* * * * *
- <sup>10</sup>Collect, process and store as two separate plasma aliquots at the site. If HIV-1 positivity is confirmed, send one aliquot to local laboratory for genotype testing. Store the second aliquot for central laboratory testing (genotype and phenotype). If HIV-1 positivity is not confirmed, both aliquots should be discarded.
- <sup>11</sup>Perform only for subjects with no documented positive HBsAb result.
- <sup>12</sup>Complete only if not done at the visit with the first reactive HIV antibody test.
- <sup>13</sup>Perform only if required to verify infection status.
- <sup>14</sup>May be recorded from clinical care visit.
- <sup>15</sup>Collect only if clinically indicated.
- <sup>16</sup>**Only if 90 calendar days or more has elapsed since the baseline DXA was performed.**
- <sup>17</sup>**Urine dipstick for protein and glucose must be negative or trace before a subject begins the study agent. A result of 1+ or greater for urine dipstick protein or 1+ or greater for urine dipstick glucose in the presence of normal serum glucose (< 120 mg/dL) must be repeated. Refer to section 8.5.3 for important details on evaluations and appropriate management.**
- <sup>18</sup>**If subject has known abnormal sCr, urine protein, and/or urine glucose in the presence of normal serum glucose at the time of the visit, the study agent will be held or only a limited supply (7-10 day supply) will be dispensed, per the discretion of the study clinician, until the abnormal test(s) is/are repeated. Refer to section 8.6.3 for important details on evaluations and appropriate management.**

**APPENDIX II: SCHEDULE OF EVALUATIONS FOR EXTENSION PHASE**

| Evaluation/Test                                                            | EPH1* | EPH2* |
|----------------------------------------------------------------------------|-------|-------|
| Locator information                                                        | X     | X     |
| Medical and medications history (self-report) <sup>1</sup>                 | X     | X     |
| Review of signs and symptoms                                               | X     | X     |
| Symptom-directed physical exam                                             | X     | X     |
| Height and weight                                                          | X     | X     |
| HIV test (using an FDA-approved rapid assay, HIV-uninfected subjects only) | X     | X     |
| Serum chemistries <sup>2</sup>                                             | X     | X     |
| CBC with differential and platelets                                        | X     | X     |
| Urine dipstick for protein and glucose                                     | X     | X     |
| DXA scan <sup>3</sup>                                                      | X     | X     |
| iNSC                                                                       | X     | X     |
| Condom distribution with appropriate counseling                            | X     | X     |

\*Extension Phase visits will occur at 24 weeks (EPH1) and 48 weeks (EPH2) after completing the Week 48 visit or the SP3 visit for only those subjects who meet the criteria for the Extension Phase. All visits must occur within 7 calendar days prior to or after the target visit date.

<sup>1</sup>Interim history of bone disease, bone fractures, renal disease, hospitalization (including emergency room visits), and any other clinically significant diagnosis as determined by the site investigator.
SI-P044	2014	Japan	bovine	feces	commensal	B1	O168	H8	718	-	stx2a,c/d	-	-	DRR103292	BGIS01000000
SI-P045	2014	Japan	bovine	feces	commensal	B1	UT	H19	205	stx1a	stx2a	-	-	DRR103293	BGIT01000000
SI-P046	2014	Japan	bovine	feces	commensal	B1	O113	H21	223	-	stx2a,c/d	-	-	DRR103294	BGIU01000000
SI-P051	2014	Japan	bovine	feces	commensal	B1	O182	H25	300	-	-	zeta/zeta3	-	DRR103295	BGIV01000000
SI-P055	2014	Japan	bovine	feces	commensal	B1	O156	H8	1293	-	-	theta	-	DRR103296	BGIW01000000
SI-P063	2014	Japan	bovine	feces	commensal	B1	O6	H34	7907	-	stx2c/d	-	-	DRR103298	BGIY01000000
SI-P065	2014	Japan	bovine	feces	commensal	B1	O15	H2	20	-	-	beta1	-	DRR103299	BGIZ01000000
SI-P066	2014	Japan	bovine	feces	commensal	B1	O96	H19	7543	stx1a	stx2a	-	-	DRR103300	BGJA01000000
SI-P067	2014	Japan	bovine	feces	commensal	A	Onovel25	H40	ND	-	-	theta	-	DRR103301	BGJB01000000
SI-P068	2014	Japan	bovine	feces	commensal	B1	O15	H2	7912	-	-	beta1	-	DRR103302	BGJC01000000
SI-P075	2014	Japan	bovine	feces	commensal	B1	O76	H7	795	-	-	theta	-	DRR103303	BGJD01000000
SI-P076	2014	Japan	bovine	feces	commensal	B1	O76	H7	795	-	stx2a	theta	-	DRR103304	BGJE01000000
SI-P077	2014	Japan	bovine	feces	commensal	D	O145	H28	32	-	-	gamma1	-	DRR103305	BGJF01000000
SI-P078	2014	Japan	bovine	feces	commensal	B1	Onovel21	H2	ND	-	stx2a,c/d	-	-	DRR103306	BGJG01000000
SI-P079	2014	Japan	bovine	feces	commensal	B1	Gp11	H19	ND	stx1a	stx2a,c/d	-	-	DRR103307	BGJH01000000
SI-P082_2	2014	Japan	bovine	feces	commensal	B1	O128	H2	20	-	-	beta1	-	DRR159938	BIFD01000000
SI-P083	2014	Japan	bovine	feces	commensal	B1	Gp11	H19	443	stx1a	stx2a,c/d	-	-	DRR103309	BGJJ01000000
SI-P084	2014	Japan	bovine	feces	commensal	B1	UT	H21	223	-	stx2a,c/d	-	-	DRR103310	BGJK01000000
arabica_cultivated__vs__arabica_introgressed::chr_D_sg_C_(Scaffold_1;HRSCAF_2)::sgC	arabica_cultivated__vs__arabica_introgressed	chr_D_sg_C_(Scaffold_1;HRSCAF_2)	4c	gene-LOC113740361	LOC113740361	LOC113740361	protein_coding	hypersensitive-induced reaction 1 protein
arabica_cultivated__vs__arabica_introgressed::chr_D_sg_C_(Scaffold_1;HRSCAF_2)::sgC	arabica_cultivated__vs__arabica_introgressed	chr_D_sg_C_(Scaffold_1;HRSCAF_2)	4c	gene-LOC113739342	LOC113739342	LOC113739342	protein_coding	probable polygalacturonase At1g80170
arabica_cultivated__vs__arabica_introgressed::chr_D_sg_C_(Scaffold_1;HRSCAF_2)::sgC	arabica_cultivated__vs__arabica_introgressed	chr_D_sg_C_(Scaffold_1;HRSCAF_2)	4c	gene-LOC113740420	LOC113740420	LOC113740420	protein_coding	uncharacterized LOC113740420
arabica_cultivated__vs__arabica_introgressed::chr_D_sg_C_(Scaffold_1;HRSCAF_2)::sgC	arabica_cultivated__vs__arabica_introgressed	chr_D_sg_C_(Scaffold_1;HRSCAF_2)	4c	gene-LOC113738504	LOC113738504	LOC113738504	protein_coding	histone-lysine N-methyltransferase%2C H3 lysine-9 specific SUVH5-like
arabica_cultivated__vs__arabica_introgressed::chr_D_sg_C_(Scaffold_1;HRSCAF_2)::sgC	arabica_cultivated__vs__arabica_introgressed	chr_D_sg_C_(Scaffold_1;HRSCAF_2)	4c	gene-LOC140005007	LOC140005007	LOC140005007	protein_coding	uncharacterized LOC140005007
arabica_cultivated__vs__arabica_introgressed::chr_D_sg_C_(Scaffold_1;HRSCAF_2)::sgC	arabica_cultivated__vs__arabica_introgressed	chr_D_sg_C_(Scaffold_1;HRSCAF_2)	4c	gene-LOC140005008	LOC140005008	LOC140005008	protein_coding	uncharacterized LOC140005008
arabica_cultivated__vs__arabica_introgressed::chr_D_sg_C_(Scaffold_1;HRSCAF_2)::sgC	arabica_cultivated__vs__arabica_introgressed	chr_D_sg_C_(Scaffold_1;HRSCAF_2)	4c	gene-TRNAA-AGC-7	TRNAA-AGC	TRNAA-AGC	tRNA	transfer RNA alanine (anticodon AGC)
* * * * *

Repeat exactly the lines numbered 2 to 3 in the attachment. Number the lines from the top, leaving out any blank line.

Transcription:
- <sup>11</sup>Perform only for subjects with no documented positive HBsAb result.
- <sup>12</sup>Complete only if not done at the visit with the first reactive HIV antibody test.